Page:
But they’ve only had two complaints about individuals selling counterfeit degrees in the past four years. Both involved York and U of T. One was handed over to university security. The other went to the Ministry of Education.
When contacted, the Ministry had no idea what happened to the case in question. A representative from the Ministry of Training, Colleges and Universities would only say, “it would be unfortunate if this type of activity was happening in Ontario.”
Said Makris, “We just don’t see it as a big problem.” Although he agreed it would be relatively easy to buy a fake degree in Toronto.
Canada has no specific laws to deal with degree forgery. The worst that can happen is you would lose your job.
“They’re not qualified,” said Makris. “But what if I’m a teacher who’s bought a fake degree, and up until then you’ve been quite happy with my teaching? In fraud, we like to see a victim. Someone who’s lost something tangible. If you try to go after him some smart defence lawyer’ going to say, I worked for you for five years. I am qualified.”
Even if you’re caught red-handed selling forged degrees, if you have no prior convictions, said Makris, you probably won’t even get jail time.
Legislators’ slap-on-the-wrist attitude towards degree fraud let it get out of control, said degree mill expert and FBI consultant John Bear.
Bear testified as an expert witness at Laurence Perry’s trial in 2002.
“The hardest part is persuading people that there is a real problem here,” said Bear. “When that little girl died it only got a three-inch story in the local paper.”
The man responsible for her death bought his fake degrees from Dr. L. Mitchell Wineberg, who ran several diploma mills in both Toronto and Louisiana out of a single hotel room in New York. The evidence was clear that he had sold thousands of medical degrees by the time the FBI caught up with him, says Bear. But because Wineberg kept no records of the transactions, he was never convicted.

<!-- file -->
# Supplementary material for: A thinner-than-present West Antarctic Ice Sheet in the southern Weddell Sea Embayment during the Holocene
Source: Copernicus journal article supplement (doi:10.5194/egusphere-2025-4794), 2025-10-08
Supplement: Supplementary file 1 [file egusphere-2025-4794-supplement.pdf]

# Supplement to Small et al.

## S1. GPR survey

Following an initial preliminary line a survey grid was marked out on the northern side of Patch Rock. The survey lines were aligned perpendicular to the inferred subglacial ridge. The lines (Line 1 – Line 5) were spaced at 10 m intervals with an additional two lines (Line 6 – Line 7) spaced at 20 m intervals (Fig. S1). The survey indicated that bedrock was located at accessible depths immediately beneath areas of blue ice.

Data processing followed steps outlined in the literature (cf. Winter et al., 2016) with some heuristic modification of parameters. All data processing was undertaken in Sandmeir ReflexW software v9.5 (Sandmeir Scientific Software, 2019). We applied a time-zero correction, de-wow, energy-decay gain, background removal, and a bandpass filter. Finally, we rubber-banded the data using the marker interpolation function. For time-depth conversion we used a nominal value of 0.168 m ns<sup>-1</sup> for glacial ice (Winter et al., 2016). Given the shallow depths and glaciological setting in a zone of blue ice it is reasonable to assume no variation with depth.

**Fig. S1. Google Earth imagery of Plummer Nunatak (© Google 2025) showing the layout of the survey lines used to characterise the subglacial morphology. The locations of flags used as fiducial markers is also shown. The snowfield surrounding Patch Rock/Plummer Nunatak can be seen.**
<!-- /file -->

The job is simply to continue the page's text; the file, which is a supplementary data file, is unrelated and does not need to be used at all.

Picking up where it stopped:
During his career, Bear uncovered two-star generals from the Pentagon who bought fake Master’s, and found people with fake PhDs working on the space program at NASA.
But degree fraud has been going on since the 1400s, when unauthorized bakers would forge baker guild stamps on the underside of their bread to avoid heavy fines.
In the 1920s, headlines like “Diploma Mill Devastates Country” covered the front pages. Every 20 years or so, it’s back in the spotlight, and every time there is new resolve to do something about it.
But today, more diploma mills and phony degree agencies have been launched in the past 10 years than the previous 50, and Ryerson doesn’t have any plans to increase security.
“[Fake Ryerson degrees] could certainly do a lot of harm, especially if they were working with young kids or toddlers,” said Dr. Rachel Langford, chair of the Early Childhood Education department.
“It would also jeopardize the integrity of the degree itself for the program.”